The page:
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Bertrand Russell On Education, 1926

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* 右上イラスト出典:B. Russell's The Good Citizen's Alphabet, 1953.


 認知における感受性(Cognitive sensitiveness)も、感受性の中に含められなければならないが、これは観察の習慣(=癖)とほとんど同じものであるので、知性と関連付けて考えるのが自然である。審美的な感受性についてもいくらか問題があるが、現時点では、それらについては論じないことにしたい。そこで、先にあげた4つの性質のうちの最後のもの、すなわち、'知性'についての議論に移ることにしよう。

Chap. 2 The Aims of Education (OE02-180)

Cognitive sensitiveness, which should also be included, is practically the same thing as a habit of observation, and this is more naturally considered in connection with intelligence. Aesthetic sensitiveness raises a number of problems which I do not wish to discuss at this stage. I will therefore pass on to the last of the four qualities we enumerated, namely, intelligence.
One of the great defects of traditional morality has been the low estimate it placed upon intelligence. The Greeks did not err in this respect, but the Church led men to think that nothing matters except virtue, and virtue consists in abstinence from a certain list of actions arbitrarily labelled 'sin'. So long as this attitude persists, it is impossible to make men realise that intelligence does more good than an artificial conventional 'virtue'. When I speak of intelligence, I include both actual knowledge and receptivity to knowledge. The two are, in fact, closely connected. Ignorant adults are unteachable; on such matters as hygiene or diet, for example, they are totally incapable of believing what science has to say. The more a man has learnt, the easier it is for him to learn still more - always assuming that he has not been taught in a spirit of dogmatism. Ignorant people have never been compelled to change their mental habits, and have stiffened into an unchangeable attitude. It is not only that they are credulous where they should be sceptical; it is just as much that they are incredulous where they should be receptive. No doubt the word 'intelligence' properly signifies rather an aptitude for acquiring knowledge than knowledge already acquired; but I do not think this aptitude is acquired except by exercise, any more than the aptitude of a pianist or an acrobat. It is, of course, possible to impart information in ways that do not train intelligence; it is not only possible, but easy, and frequently done. But I do not believe that it is possible to train intelligence without imparting information, or at any rate causing knowledge to be acquired. And without intelligence our complex modern world cannot subsist; still less can it make progress. I regard the cultivation of intelligence, therefore, as one of the major purposes of education. This might seem a commonplace, but in fact it is not. The desire to instil what are regarded as correct beliefs has made educationists too often indifferent to the training of intelligence. To make this clear, it is necessary to define intelligence a little more closely, so as to discover the mental habits which it requires. For this purpose I shall consider only the aptitude for acquiring knowledge, not the store of actual knowledge which might legitimately be included in the definition of intelligence.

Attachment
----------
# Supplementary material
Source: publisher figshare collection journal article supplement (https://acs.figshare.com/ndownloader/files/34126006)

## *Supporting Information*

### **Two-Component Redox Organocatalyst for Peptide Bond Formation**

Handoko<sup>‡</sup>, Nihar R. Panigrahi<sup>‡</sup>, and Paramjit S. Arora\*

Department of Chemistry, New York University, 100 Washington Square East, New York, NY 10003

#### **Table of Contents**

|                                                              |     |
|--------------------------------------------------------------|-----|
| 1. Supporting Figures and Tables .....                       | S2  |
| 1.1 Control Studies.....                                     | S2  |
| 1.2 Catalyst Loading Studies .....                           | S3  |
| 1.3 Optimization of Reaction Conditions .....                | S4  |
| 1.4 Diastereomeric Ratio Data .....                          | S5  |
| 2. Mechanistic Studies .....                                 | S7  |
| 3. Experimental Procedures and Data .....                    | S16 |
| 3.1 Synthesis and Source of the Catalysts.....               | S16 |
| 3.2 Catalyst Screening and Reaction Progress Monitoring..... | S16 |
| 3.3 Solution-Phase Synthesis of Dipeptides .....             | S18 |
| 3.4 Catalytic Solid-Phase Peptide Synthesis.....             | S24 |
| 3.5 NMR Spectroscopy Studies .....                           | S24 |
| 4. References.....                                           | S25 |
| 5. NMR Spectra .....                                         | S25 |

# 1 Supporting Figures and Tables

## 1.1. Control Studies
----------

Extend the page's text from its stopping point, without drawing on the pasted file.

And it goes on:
(掲載日:2007.03.10 更新日:)